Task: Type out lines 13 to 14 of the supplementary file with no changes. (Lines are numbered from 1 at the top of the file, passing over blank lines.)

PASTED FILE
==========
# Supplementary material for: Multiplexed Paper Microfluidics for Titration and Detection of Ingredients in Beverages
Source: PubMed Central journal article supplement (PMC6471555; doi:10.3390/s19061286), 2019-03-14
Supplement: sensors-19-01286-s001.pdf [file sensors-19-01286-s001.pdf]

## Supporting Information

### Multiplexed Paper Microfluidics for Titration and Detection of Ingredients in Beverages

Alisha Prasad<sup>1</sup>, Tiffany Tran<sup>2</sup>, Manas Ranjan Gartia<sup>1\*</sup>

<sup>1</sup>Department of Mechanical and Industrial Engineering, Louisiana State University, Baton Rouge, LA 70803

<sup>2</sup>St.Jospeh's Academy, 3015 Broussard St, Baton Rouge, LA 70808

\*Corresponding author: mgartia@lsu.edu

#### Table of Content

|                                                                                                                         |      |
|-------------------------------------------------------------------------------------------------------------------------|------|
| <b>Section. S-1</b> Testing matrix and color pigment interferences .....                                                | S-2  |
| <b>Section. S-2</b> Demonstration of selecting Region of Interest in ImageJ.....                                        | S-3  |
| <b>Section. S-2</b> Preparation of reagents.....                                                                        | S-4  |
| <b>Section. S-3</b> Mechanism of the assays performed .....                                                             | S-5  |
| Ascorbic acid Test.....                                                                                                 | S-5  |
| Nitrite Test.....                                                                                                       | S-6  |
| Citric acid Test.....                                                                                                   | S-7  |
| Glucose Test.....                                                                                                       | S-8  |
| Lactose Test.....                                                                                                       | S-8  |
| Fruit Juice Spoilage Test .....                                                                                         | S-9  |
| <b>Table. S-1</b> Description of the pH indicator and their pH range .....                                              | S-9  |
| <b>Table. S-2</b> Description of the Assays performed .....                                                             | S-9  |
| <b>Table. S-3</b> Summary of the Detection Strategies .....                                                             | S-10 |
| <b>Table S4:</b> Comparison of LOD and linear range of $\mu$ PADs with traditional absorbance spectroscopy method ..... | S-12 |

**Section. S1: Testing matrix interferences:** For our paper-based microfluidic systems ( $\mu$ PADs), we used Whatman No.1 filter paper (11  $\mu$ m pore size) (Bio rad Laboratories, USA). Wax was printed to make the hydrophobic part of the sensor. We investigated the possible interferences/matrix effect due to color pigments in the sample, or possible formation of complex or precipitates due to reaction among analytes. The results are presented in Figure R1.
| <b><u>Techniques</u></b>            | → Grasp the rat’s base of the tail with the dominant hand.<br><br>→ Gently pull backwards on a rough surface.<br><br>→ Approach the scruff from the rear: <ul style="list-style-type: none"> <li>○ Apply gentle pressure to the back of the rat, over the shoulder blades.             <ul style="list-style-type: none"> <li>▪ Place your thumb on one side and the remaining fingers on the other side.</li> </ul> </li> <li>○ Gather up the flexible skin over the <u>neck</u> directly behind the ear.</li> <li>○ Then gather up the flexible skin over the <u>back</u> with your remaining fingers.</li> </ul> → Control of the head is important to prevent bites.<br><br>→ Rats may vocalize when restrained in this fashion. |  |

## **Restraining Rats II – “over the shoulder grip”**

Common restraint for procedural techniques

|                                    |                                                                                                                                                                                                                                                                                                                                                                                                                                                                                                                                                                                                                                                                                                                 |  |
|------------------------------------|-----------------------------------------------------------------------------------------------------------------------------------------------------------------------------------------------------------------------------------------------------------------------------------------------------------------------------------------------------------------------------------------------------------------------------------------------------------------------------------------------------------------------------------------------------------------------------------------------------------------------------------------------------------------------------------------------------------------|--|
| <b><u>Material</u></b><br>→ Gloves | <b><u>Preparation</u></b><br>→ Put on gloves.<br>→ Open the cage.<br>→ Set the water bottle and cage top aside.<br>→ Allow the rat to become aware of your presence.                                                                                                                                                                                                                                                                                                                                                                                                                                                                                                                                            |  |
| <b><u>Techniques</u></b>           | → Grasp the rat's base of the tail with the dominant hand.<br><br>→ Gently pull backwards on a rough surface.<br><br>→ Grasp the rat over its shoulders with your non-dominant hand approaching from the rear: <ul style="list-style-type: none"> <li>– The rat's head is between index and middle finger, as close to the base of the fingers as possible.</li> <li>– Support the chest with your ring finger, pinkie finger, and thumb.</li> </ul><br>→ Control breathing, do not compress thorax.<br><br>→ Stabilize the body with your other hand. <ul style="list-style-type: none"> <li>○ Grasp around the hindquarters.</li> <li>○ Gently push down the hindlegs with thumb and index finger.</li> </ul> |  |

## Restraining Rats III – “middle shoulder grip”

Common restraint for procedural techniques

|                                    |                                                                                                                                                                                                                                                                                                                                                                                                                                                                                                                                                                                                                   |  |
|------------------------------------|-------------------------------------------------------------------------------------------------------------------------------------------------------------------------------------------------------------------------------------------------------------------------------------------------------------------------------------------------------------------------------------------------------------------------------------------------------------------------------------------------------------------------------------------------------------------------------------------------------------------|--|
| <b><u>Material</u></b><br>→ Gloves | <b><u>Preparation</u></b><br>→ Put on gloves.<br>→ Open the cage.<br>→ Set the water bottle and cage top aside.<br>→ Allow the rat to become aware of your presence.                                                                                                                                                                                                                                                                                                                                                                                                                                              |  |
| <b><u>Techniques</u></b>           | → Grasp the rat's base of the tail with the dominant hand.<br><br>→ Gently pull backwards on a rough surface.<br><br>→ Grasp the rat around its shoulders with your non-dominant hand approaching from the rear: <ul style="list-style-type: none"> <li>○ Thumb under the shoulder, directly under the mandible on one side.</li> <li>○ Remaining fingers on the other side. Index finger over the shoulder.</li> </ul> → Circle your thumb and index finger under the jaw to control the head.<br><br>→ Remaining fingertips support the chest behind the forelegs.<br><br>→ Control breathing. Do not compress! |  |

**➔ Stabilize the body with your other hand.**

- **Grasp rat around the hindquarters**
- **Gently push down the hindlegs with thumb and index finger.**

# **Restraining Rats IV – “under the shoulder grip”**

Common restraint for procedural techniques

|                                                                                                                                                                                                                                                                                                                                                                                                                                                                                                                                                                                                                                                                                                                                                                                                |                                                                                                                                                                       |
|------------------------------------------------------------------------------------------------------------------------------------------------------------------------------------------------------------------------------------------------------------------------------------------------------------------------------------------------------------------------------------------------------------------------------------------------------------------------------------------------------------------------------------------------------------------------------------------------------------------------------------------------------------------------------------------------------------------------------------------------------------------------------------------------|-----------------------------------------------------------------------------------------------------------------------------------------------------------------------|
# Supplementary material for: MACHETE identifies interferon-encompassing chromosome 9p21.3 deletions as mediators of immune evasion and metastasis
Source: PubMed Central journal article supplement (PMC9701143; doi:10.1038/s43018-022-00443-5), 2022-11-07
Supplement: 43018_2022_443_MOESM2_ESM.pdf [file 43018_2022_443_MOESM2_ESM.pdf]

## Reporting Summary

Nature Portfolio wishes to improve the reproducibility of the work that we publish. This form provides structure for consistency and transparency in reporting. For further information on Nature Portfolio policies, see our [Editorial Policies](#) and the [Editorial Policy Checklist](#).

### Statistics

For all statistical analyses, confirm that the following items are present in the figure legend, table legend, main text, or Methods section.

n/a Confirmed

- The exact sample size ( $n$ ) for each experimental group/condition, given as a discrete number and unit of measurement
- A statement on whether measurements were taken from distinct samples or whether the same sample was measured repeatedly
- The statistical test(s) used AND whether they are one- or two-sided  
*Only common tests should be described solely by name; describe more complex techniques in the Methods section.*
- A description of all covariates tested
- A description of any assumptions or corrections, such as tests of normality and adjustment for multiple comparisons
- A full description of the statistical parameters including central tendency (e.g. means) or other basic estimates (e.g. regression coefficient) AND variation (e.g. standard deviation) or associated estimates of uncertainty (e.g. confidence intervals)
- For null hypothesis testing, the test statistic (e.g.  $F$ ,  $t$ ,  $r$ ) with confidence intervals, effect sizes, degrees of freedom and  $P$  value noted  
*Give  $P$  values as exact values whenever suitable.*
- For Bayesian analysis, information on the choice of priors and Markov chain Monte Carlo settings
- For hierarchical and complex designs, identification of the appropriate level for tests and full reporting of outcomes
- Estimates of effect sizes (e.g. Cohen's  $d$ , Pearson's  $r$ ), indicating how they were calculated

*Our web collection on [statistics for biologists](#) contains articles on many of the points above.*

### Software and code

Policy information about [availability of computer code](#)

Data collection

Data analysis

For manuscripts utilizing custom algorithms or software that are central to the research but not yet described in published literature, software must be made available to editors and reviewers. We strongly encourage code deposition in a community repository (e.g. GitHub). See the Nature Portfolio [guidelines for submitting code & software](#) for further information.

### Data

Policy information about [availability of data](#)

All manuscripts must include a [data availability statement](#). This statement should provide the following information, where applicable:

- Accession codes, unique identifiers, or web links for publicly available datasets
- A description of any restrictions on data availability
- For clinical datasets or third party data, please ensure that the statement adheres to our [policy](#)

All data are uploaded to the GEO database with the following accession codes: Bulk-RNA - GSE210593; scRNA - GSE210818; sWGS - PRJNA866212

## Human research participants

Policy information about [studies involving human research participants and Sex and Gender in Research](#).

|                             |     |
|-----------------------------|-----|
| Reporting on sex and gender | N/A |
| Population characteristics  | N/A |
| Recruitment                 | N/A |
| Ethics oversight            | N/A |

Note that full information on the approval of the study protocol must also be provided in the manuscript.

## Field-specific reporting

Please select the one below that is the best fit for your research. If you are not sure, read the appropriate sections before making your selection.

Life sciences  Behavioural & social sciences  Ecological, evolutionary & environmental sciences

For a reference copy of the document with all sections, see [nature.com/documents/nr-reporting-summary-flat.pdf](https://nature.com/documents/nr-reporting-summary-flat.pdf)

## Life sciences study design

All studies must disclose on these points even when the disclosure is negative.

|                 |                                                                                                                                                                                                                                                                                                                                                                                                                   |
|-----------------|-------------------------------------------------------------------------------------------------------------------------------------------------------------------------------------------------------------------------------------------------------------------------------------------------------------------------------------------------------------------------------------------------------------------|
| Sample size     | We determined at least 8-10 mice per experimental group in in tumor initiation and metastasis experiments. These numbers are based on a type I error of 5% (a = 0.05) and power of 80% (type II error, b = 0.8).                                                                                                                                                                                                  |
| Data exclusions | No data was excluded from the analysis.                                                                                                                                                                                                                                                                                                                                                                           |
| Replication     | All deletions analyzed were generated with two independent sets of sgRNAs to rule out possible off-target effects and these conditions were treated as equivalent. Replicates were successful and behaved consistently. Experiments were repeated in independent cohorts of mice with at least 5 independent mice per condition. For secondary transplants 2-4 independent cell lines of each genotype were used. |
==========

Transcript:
| <b>Section. S-1</b> Testing matrix and color pigment interferences .....                                                | S-2  |
| <b>Section. S-2</b> Demonstration of selecting Region of Interest in ImageJ.....                                        | S-3  |